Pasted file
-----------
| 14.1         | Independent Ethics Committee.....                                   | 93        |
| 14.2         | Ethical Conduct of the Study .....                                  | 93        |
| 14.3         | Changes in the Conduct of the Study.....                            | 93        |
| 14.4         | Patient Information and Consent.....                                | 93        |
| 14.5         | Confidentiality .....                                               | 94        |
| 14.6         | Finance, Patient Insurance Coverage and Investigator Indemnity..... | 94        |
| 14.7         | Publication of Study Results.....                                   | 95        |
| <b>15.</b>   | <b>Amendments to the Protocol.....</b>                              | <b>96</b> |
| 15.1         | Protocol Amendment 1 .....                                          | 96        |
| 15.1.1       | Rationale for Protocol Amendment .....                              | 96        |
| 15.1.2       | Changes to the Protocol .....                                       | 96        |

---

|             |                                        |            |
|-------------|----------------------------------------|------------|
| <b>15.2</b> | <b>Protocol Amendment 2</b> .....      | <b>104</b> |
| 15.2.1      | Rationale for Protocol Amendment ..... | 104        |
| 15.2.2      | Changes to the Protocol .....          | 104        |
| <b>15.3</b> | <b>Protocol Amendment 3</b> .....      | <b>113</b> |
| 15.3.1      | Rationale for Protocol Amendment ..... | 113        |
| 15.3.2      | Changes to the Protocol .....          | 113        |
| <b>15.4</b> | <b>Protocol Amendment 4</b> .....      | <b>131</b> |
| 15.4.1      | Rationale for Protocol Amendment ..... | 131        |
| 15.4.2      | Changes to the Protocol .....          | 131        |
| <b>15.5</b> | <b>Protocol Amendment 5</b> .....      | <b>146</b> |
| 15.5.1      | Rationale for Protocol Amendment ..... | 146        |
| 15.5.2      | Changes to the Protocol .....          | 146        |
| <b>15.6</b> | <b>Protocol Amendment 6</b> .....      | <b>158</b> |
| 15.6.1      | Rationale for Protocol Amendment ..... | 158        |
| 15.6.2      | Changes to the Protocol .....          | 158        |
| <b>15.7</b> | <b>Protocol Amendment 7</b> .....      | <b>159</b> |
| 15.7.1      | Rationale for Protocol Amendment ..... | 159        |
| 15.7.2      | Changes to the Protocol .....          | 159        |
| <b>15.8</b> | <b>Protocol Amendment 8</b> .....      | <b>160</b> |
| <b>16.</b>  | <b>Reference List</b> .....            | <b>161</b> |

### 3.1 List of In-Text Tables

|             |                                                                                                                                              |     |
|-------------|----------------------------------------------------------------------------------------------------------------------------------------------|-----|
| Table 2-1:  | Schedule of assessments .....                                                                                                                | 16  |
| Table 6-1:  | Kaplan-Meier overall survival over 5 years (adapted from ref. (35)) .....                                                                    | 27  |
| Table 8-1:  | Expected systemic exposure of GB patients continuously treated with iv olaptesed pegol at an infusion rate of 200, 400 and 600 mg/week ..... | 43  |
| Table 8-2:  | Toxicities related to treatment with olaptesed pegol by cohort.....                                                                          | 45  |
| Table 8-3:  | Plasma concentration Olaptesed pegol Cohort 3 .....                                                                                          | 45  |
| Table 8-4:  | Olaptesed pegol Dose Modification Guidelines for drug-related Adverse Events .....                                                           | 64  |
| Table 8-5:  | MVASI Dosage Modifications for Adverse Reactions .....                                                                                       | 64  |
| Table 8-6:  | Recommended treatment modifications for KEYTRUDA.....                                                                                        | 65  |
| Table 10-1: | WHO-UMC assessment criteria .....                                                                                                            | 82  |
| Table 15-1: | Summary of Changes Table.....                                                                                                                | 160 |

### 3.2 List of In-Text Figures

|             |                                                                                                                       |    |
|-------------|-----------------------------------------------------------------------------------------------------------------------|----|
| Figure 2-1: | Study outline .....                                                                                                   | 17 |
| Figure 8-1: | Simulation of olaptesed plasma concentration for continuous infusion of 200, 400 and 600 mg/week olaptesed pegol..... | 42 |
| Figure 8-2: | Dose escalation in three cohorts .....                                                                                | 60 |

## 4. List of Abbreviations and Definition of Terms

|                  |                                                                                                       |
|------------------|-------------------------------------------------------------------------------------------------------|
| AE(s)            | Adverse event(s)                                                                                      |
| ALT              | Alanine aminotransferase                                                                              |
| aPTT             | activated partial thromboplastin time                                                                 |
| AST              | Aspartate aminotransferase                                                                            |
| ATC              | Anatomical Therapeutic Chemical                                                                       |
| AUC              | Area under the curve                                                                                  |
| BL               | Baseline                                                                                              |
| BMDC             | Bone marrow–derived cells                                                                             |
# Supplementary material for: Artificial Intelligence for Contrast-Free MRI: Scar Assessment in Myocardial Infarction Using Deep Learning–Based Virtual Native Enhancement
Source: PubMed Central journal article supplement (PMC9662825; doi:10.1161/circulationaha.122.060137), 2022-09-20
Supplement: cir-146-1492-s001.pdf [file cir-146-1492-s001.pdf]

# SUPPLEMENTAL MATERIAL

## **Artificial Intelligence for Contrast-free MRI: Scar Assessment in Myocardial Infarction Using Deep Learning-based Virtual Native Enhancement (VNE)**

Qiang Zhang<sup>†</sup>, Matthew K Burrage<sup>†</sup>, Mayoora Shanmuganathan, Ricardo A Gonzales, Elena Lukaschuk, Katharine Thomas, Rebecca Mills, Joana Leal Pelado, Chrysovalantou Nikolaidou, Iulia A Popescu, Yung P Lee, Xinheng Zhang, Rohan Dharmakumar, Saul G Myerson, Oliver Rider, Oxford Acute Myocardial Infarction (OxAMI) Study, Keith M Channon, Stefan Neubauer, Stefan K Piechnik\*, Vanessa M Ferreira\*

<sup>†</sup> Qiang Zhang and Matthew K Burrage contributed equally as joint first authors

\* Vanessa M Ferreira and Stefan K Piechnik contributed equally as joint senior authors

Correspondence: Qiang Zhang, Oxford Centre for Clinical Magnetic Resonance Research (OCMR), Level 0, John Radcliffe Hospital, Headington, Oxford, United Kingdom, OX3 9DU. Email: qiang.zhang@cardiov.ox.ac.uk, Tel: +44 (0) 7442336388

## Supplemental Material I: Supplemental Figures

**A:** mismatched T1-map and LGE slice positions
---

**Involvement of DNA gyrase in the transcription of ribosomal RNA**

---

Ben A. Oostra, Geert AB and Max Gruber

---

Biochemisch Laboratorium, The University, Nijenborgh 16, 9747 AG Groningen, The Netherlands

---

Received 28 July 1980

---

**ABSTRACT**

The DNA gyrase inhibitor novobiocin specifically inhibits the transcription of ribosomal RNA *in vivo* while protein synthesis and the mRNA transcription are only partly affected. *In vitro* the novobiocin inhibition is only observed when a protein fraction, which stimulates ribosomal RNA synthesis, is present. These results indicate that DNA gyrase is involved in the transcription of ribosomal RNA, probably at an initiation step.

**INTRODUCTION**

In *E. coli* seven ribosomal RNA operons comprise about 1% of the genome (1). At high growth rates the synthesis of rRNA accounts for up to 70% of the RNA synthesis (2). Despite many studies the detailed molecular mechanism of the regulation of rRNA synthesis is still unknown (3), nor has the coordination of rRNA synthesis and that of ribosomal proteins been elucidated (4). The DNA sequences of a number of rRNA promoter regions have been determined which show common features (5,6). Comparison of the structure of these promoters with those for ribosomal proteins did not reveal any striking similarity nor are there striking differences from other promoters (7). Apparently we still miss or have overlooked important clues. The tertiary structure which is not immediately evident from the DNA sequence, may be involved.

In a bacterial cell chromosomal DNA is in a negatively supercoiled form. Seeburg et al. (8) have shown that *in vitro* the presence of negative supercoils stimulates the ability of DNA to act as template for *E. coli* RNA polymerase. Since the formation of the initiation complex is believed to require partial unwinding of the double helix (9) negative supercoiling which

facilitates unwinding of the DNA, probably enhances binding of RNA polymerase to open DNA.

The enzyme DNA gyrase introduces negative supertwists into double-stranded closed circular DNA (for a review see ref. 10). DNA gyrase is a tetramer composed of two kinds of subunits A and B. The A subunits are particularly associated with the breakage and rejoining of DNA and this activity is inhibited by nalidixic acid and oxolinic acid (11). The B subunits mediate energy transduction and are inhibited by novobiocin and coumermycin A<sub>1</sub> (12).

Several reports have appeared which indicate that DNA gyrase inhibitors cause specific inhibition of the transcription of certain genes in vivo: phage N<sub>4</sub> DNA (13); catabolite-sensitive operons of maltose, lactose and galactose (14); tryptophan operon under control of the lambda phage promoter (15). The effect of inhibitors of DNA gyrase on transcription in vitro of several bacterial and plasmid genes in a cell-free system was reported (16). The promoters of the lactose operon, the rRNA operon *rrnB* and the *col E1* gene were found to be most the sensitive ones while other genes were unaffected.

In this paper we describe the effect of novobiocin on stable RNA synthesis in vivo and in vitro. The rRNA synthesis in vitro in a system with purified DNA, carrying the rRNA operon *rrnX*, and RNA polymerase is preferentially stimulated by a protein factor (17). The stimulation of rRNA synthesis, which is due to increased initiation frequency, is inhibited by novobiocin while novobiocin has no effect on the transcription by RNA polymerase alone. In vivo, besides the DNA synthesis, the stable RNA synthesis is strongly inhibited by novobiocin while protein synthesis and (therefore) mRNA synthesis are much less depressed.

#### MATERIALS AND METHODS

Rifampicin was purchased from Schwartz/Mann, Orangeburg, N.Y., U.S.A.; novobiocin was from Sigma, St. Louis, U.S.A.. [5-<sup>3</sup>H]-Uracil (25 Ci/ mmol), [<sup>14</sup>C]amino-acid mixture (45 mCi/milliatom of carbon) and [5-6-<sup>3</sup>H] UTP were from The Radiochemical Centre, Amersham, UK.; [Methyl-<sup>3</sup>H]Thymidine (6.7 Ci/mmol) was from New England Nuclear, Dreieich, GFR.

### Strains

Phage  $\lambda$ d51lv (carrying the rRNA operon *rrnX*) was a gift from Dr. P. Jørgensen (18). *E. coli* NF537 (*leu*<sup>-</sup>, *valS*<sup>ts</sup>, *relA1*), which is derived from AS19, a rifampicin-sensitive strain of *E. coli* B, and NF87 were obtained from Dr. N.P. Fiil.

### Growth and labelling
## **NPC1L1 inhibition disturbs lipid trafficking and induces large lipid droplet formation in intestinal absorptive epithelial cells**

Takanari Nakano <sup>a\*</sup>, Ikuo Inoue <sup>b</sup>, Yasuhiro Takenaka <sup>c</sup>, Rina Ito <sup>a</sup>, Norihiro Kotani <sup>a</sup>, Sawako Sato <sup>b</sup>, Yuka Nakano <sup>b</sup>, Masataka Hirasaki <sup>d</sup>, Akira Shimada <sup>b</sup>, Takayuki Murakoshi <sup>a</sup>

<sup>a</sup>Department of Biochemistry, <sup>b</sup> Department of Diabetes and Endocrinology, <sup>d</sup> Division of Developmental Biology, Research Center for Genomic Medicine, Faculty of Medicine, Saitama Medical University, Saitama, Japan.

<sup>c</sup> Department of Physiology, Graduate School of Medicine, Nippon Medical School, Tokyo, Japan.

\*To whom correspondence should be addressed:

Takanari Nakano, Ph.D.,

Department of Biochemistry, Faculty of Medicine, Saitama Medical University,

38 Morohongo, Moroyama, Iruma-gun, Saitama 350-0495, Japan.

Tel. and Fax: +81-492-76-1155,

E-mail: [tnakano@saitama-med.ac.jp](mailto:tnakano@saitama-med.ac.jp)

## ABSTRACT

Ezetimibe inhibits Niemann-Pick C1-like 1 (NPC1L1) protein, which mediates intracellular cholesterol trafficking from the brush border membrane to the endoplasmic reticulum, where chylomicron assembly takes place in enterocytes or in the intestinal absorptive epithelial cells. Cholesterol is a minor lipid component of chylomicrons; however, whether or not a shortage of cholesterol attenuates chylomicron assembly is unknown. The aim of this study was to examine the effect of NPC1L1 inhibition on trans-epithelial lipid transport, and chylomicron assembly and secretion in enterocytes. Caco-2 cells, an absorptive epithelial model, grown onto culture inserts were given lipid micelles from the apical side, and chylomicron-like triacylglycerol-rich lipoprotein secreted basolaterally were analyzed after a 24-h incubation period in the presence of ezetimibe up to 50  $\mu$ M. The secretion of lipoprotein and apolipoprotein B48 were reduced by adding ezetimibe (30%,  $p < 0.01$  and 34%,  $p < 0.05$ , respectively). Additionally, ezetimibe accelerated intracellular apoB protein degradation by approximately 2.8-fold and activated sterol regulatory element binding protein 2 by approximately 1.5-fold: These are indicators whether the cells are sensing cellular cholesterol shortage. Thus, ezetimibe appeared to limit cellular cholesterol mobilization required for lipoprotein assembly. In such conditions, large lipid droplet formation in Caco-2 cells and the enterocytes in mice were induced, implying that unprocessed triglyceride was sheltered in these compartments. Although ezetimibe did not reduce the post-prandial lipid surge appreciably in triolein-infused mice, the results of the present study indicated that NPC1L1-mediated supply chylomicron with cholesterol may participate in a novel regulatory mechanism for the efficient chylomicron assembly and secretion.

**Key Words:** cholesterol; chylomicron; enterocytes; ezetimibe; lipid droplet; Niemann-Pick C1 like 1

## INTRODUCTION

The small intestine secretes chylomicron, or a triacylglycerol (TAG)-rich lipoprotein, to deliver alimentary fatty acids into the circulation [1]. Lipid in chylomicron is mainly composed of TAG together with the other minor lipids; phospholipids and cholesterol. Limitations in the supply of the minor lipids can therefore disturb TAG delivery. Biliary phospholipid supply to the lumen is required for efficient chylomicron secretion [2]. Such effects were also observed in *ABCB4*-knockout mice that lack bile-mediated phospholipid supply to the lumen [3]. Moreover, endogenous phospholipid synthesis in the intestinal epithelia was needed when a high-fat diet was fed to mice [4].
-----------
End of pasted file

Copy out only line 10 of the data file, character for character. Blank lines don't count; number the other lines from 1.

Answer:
| 15.1.1       | Rationale for Protocol Amendment .....                              | 96        |